7.    Events 8.    Goals
9.    Actors 10. Emotions

…and asked us to record our notes by drawing a map and observe locations, pathways, tools and interactions: In particular our notes should respond to

  • Where are the people in the space?
  • How are people moving through the space?
  • What tools people are using and where are these used?
  • Where are people interacting and what are they doing?

While wondering who the lucky colleagues assigned to the Library Café having a chance to smell the brewing coffee are, my colleague and I climbed up the silent study area. Donna allowed us 15 minutes for observing and some time for transferring our notes from the map to a full narrative.

What can happen in the silent study area? (Literally silent)

Our notes exceeded our expectations. Despite the silence there was a wealth of things to observe and record. Without immersing ourselves in our own interpretations we could see the stress of students while approaching the exams period. The desks were full of energy boosting products such as caffeine, vitamins, lots of water and fruit.

Writing up observations:

So what?…

Mapping:

There are many more digital places I use but didn’t include in my map. Many of us more or less noticed this pattern. It seems that places we use yet didn’t map have completely been embedded in our practice as if they are invisible.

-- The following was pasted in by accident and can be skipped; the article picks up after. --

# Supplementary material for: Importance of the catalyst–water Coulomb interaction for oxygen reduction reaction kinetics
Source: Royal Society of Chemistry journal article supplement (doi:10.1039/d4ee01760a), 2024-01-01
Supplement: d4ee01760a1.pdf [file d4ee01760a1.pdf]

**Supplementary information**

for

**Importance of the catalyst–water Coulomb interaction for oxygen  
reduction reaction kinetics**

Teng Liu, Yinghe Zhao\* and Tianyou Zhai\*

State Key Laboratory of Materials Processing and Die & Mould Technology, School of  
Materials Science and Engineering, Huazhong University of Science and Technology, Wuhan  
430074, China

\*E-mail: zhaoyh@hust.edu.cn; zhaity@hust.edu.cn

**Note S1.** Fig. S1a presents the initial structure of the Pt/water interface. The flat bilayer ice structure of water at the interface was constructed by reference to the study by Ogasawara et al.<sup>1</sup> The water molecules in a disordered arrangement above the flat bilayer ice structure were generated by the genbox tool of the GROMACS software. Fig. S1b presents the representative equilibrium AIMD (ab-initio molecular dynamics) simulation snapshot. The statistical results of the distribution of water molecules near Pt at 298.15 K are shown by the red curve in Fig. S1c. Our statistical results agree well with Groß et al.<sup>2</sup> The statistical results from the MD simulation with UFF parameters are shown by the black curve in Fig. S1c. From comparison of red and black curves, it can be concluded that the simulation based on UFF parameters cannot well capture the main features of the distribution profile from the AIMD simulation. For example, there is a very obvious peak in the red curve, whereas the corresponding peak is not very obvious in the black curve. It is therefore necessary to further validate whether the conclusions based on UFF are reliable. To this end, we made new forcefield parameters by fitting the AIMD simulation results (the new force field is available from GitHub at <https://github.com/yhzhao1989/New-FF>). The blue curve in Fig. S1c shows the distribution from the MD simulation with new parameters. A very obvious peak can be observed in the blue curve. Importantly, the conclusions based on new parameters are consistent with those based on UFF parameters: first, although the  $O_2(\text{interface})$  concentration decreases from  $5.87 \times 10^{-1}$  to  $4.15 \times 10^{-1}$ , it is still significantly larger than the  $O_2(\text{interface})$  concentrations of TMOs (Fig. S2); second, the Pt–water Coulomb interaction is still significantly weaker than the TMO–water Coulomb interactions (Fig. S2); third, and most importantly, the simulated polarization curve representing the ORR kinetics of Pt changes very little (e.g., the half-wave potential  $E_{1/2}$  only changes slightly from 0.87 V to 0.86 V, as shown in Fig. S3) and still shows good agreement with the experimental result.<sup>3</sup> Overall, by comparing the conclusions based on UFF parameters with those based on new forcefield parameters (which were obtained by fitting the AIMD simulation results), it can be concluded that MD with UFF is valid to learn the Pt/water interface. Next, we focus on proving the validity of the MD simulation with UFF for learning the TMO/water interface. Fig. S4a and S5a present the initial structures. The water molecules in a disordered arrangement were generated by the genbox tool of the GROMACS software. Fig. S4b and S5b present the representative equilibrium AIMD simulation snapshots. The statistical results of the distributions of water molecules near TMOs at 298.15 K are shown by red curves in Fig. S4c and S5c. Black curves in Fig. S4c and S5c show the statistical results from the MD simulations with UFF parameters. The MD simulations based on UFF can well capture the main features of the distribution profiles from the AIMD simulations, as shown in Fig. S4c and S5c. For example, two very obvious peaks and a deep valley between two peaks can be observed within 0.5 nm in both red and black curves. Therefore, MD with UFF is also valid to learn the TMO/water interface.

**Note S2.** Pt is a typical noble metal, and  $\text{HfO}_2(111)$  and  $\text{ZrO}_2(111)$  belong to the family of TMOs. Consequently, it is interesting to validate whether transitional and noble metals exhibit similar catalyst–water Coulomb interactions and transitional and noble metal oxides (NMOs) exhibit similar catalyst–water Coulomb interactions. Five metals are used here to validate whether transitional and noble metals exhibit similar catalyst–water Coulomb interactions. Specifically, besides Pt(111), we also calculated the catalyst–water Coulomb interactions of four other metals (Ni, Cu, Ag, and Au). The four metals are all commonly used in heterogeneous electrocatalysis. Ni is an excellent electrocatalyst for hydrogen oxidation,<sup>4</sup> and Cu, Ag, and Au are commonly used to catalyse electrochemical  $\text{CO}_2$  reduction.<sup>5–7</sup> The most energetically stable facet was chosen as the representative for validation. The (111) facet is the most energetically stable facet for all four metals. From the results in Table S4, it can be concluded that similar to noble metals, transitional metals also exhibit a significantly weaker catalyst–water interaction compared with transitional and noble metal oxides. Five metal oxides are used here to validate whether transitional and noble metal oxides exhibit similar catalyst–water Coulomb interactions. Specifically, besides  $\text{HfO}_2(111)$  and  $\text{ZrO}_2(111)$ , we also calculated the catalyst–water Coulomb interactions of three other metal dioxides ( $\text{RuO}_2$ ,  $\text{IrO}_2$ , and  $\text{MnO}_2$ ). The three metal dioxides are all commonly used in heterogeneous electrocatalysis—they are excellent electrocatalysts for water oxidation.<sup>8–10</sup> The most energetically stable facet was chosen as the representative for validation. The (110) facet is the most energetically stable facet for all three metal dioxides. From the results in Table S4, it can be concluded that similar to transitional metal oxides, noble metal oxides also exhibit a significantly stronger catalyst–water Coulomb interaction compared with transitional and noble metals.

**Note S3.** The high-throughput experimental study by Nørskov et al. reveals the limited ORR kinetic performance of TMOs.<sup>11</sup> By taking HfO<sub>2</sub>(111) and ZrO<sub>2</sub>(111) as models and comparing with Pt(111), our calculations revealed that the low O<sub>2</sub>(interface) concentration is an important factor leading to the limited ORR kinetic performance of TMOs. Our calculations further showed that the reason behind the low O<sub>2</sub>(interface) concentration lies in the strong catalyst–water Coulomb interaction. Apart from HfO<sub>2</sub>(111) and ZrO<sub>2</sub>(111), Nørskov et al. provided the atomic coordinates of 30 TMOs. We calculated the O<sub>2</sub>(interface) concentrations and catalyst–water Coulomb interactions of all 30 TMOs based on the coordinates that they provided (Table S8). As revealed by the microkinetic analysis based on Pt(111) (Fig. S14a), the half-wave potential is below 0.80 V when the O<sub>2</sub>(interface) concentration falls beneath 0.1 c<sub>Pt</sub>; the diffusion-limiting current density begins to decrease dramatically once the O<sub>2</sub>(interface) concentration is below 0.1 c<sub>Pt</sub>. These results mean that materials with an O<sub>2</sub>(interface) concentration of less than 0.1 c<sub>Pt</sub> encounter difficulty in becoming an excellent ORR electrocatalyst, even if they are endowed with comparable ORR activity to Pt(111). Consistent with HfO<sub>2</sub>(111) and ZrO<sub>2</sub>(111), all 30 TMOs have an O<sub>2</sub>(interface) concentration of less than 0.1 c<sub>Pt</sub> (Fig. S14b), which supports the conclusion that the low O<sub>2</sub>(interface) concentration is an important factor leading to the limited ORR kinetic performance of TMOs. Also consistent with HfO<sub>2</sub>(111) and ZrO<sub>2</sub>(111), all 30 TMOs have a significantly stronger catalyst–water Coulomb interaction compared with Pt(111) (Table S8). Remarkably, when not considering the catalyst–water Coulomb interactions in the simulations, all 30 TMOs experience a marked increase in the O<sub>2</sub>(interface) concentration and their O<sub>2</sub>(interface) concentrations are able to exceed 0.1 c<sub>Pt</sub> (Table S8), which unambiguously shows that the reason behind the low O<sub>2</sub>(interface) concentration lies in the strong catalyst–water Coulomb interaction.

Observation as a research method:

  • Despite our assumption that students replace paper with tablets or digital paper applications, those in the silent study overwhelmingly used a lot of paper-based notes and printed books. The devices were present but not dominant.
  • Recording our notes from a 15-minute observation took much longer than the observation itself. If you want to engage in this type of research method be prepared to allow more time than what you may have anticipated.
  • Furniture sets expectations of space usage.
  • Some students had “claimed” a study space by leaving their belongings unattended. What can “claimed spaces” tell us?
  • Donna suggested that when decisions are made, as a response to these observations, it is important for everyone involved to have institutional support in case of failure in the interpretation.
  • Iteration is very important in Ethnography.

Observation is only one of the instruments; others can be interviews, cognitive mapping, photo-diaries etc.

References and other resources:

David White on:

White, D., Connaway, L.S., Lanclos, D., Hood, E.M., et al. (2014) Evaluating digital services: a Visitors and Residents approach. [Online]. 2014. JIsc InfoNet. Available from: http://www.jiscinfonet.ac.uk/infokits/evaluating-services/ [Accessed: 27 March 2015].

White, D.S. & Le Cornu, A. (2011) Visitors and Residents: A new typology for online engagement. First Monday; Volume 16, Number 9 – 5 September 2011. [Online] Available from: http://firstmonday.org/ojs/index.php/fm/article/view/3171/3049.

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One Response to Make a start with Ethnography in Libraries

  1. Pingback: A March of Workshops | Donna Lanclos–The Anthropologist in the Stacks